After seven years of political permacrisis, the assumption that every rumble in Westminster inevitably leads to big bang can be too tempting for many to resist.
The past week has seen fevered talk of snap elections, confidence votes and even an elaborate plan to bring back Boris Johnson as prime minister in a tie-up with cow-teat-guzzling jungle dweller Nigel Farage.
The reality of the coming days and weeks may be more boring.
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Michael Gove played down the chances of a snap election, without completely ruling one out, speaking to Sky News on the Sunday Morning with Trevor Phillips programme this morning.
It’s probably safe to take this at face value though.
For all the similarities to 2019, the next election is highly unlikely to mirror the campaign that was going on exactly four years ago, in being focused on a single issue – Brexit then, perhaps migration now.
That’s because while small boat crossings are high up the list of priorities for many, the cost of living and the NHS are more important for most.
So what about the outlook for Rishi Sunak?
Somewhat paradoxically, when it comes to his position, the prime minister gains some security from the chaos of the last year-and-a-half.
There remains little appetite among MPs for a third change in Tory leader in little over 12 months – especially with an election so close.
Chances of rebellion receding after ‘unite or die’ moment
Indeed, amid all the attacks on No 10, calls for a resignation have been lacking – even among ardent critics like Suella Braverman.
The government thumbscrews on the looming Rwanda bill also appear to have been loosened since Mr Sunak appeared to adopt the language of confidence votes last week by telling MPs this was a “unite or die” moment.
It’s now clear that rebels won’t be chucked out of the party and a government loss wouldn’t lead to a prime ministerial resignation or election.
In fact, the chances of the bill being voted down on second reading come Tuesday seem to have receded as well.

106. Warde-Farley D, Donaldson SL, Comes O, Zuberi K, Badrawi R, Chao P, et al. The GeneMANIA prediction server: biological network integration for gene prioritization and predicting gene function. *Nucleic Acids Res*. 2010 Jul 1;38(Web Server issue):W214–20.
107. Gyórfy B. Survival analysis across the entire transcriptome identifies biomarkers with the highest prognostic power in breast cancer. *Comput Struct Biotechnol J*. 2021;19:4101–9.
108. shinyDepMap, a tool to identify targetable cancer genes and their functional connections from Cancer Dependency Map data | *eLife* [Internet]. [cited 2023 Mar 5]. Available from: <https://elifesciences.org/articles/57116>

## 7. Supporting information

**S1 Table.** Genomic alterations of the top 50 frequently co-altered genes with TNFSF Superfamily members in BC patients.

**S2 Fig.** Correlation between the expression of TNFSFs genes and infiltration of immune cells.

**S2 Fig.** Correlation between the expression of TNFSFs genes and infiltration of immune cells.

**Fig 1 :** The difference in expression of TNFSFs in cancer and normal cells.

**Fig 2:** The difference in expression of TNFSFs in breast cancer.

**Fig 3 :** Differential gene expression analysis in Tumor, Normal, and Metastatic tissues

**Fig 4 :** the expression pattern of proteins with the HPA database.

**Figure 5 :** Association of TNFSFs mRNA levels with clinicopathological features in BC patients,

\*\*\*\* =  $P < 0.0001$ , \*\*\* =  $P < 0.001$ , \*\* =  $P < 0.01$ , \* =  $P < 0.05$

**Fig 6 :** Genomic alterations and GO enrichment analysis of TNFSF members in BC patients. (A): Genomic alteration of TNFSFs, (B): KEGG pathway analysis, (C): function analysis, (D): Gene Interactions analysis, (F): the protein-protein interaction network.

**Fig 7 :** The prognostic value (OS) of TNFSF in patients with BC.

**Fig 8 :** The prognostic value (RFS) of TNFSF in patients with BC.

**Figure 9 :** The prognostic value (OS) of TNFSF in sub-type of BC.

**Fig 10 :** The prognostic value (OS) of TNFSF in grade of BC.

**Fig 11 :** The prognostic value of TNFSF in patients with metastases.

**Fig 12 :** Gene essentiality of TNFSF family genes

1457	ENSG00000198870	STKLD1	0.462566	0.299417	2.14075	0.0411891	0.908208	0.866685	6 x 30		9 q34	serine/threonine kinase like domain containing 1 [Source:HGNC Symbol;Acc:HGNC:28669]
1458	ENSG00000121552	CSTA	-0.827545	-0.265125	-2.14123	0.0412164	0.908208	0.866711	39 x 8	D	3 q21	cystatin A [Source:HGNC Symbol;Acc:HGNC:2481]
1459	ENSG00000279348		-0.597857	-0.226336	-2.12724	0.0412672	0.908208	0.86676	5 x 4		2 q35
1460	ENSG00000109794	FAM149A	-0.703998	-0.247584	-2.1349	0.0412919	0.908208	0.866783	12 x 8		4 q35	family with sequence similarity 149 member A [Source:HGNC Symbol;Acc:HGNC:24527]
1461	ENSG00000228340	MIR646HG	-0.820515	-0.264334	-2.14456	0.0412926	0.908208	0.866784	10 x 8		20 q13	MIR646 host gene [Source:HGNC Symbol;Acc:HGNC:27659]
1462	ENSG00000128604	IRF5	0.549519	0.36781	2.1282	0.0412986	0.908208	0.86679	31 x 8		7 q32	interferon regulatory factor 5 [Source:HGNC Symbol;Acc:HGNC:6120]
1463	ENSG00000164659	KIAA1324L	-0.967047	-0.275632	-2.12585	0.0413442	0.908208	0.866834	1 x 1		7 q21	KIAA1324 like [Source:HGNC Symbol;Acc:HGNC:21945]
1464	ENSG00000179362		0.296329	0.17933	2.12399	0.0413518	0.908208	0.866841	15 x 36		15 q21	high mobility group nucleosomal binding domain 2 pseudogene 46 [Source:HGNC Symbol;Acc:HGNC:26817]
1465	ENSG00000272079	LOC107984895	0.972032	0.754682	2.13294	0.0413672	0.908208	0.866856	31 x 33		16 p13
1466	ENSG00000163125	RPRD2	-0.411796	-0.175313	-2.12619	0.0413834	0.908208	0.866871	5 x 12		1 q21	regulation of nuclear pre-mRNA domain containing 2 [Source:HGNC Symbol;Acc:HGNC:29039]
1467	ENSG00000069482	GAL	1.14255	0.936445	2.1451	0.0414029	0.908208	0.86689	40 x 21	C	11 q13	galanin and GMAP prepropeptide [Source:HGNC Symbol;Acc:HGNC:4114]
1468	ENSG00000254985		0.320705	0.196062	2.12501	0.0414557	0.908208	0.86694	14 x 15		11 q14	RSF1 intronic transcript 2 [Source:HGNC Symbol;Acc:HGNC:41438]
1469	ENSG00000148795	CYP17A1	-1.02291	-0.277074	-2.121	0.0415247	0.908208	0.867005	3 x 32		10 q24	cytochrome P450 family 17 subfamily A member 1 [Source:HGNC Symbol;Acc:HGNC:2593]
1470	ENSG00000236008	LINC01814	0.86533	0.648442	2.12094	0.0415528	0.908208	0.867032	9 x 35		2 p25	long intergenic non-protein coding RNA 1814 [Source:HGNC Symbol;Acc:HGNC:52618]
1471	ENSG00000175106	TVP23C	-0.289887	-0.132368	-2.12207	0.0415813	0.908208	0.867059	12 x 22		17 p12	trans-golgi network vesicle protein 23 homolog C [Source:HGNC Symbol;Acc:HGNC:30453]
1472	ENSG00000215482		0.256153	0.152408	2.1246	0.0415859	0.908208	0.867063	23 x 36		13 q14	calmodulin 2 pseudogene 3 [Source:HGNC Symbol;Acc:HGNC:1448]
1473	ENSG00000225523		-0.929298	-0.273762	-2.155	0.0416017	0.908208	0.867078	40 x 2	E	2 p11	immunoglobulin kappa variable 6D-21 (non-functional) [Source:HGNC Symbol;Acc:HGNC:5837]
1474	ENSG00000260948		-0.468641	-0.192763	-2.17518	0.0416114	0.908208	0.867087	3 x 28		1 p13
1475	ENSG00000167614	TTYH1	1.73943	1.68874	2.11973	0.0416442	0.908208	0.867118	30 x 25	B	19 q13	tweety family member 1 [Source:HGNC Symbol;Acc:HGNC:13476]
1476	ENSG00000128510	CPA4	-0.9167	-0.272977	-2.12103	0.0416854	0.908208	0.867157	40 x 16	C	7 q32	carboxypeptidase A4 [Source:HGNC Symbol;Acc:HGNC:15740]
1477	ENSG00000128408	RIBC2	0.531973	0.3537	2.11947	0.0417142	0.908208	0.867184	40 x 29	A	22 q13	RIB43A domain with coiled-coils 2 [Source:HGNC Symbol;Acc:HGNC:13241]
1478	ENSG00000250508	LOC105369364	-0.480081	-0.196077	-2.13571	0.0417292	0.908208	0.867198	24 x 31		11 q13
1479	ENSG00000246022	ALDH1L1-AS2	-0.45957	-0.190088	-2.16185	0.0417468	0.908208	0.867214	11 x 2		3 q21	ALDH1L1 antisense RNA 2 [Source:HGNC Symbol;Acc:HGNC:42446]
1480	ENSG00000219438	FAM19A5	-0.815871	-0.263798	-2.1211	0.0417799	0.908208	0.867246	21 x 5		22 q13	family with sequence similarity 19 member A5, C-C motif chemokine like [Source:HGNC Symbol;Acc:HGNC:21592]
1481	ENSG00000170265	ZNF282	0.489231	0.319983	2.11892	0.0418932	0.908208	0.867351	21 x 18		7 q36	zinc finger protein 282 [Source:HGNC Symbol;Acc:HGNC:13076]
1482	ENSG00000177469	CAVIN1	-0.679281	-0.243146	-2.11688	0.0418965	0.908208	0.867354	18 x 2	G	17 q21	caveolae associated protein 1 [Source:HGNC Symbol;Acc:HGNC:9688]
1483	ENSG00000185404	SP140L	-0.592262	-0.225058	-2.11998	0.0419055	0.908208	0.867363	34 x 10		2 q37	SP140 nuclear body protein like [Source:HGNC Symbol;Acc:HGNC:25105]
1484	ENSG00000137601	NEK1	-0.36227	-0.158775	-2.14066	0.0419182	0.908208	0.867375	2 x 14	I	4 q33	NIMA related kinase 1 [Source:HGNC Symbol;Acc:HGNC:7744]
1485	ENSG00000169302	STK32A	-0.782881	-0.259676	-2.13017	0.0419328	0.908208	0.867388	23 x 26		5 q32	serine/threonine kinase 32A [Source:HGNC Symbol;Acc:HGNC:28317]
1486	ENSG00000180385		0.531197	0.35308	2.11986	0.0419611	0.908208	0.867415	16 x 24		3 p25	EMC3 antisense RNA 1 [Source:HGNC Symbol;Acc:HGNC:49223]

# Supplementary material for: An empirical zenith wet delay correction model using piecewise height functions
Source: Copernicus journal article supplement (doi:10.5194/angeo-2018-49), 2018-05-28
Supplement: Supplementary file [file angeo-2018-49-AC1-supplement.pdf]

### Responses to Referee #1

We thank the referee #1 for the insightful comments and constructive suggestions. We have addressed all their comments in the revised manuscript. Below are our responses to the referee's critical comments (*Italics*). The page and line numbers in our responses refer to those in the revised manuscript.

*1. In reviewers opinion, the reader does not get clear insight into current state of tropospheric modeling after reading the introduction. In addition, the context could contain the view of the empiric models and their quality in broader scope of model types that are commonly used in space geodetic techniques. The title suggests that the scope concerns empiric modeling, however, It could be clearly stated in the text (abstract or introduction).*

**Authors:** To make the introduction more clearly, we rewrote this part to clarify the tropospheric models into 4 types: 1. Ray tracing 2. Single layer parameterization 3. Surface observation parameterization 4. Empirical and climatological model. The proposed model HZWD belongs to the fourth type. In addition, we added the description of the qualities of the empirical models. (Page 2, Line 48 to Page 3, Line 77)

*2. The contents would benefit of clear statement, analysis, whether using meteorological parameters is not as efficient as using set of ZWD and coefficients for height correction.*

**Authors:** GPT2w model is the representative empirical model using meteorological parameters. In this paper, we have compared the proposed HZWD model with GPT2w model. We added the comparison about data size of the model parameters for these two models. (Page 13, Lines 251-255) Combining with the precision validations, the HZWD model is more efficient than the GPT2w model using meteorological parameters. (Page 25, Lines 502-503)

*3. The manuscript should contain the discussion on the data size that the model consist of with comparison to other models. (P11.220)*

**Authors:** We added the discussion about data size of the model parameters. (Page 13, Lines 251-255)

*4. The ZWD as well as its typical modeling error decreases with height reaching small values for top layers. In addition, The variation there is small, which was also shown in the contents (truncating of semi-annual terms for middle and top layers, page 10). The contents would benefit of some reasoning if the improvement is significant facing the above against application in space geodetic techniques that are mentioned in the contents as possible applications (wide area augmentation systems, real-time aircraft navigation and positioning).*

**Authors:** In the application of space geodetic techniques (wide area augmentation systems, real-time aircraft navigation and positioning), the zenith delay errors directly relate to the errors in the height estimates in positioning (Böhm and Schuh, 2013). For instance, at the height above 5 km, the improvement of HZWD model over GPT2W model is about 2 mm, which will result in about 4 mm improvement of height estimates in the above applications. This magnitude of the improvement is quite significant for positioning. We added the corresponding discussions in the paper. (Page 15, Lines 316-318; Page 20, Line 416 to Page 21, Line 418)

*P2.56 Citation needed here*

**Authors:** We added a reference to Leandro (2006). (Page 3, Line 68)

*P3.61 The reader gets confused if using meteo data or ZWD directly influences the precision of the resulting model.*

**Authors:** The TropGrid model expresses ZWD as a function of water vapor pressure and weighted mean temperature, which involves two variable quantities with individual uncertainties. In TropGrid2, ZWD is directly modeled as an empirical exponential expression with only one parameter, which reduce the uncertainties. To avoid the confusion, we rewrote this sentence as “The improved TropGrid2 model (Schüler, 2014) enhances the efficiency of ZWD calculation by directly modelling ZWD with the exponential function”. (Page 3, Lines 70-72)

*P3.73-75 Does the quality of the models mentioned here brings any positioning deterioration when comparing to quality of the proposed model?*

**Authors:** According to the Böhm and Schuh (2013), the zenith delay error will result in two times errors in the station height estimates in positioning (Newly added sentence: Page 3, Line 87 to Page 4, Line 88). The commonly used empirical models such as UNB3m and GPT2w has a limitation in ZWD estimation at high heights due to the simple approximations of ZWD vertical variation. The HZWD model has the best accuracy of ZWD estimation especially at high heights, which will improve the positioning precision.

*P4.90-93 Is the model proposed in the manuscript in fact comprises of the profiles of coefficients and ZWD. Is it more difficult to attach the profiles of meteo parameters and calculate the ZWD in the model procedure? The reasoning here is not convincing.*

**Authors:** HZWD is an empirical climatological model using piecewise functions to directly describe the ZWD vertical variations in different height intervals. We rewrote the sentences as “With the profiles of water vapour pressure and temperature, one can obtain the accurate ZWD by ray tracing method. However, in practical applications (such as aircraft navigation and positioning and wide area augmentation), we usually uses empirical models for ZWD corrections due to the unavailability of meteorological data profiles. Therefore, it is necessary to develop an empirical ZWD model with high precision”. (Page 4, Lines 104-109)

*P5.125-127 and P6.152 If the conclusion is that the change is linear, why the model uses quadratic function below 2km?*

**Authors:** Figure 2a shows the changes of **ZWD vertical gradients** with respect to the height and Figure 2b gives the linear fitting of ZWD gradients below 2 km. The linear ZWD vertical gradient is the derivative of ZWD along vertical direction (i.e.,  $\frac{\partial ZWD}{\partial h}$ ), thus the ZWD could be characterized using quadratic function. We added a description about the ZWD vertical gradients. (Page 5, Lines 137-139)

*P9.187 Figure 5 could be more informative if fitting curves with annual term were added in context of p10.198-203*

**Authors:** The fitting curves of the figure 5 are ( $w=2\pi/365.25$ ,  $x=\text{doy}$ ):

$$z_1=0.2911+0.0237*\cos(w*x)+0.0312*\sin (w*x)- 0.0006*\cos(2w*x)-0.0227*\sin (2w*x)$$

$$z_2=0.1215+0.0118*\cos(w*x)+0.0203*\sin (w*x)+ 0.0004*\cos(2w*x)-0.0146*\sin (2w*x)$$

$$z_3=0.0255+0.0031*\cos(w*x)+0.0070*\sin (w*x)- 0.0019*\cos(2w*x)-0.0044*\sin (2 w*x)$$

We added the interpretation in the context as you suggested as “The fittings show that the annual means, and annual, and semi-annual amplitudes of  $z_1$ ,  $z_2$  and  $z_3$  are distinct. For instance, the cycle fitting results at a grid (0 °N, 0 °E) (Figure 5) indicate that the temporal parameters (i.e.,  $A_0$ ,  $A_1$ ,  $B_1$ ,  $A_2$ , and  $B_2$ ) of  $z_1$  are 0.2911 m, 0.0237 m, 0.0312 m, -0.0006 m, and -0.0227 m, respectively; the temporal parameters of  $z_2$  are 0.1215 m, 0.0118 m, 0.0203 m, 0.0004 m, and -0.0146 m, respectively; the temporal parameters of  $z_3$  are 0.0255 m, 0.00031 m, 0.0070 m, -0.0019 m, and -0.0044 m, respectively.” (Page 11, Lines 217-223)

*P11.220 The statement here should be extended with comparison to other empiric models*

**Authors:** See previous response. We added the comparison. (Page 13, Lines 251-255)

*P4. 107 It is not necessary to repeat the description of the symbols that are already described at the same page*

A close inspection of Brexiteer ringleader Sir Bill Cash’s piece in the Sunday Telegraph suggests he would rather try to change the legislation at a later Commons stage than blow it up now.
On that, Tory veteran David Davis and shadow minister Liz Kendall seem to agree – both saying the prime minister will easily win this week’s vote.
But even if the leadership of the European Research Group do opt for a full rebellion – either now or in the future – it’s also fair to ask how many MPs will follow them into battle, given the group undoubtedly holds less political sway than it did in 2019.
Remember, the same “star chamber” of right-wing legal brains described Mr Sunak’s Windsor Framework Brexit deal as “practically useless” earlier this year and it only led to 22 Tories rebelling when it came to the Commons vote.
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Crisis delayed is not crisis averted
None of this should hearten Downing Street too much though.
Crisis delayed is not crisis averted and the prime minister will still have to fight off attempts to change his Rwanda bill both in the Commons and the Lords.
There’s also bubbling concern from a different wing of his party that the legislation may already have gone too far in disapplying tranches of domestic and international law.
What this all adds up to is the gradual erosion of the scope for Mr Sunak to turn his party’s fortunes around ahead of a general election – with political behemoths like Rwanda, cost of living and waiting lists eclipsing any successes and preventing the government from ever really getting on the front foot.
In such a bleak situation, shock developments like confidence votes or grumpy resignations can never be completely ruled out.
But all things considered, the current trajectory for the Conservative Party still points more towards going out with a whimper rather than a bang.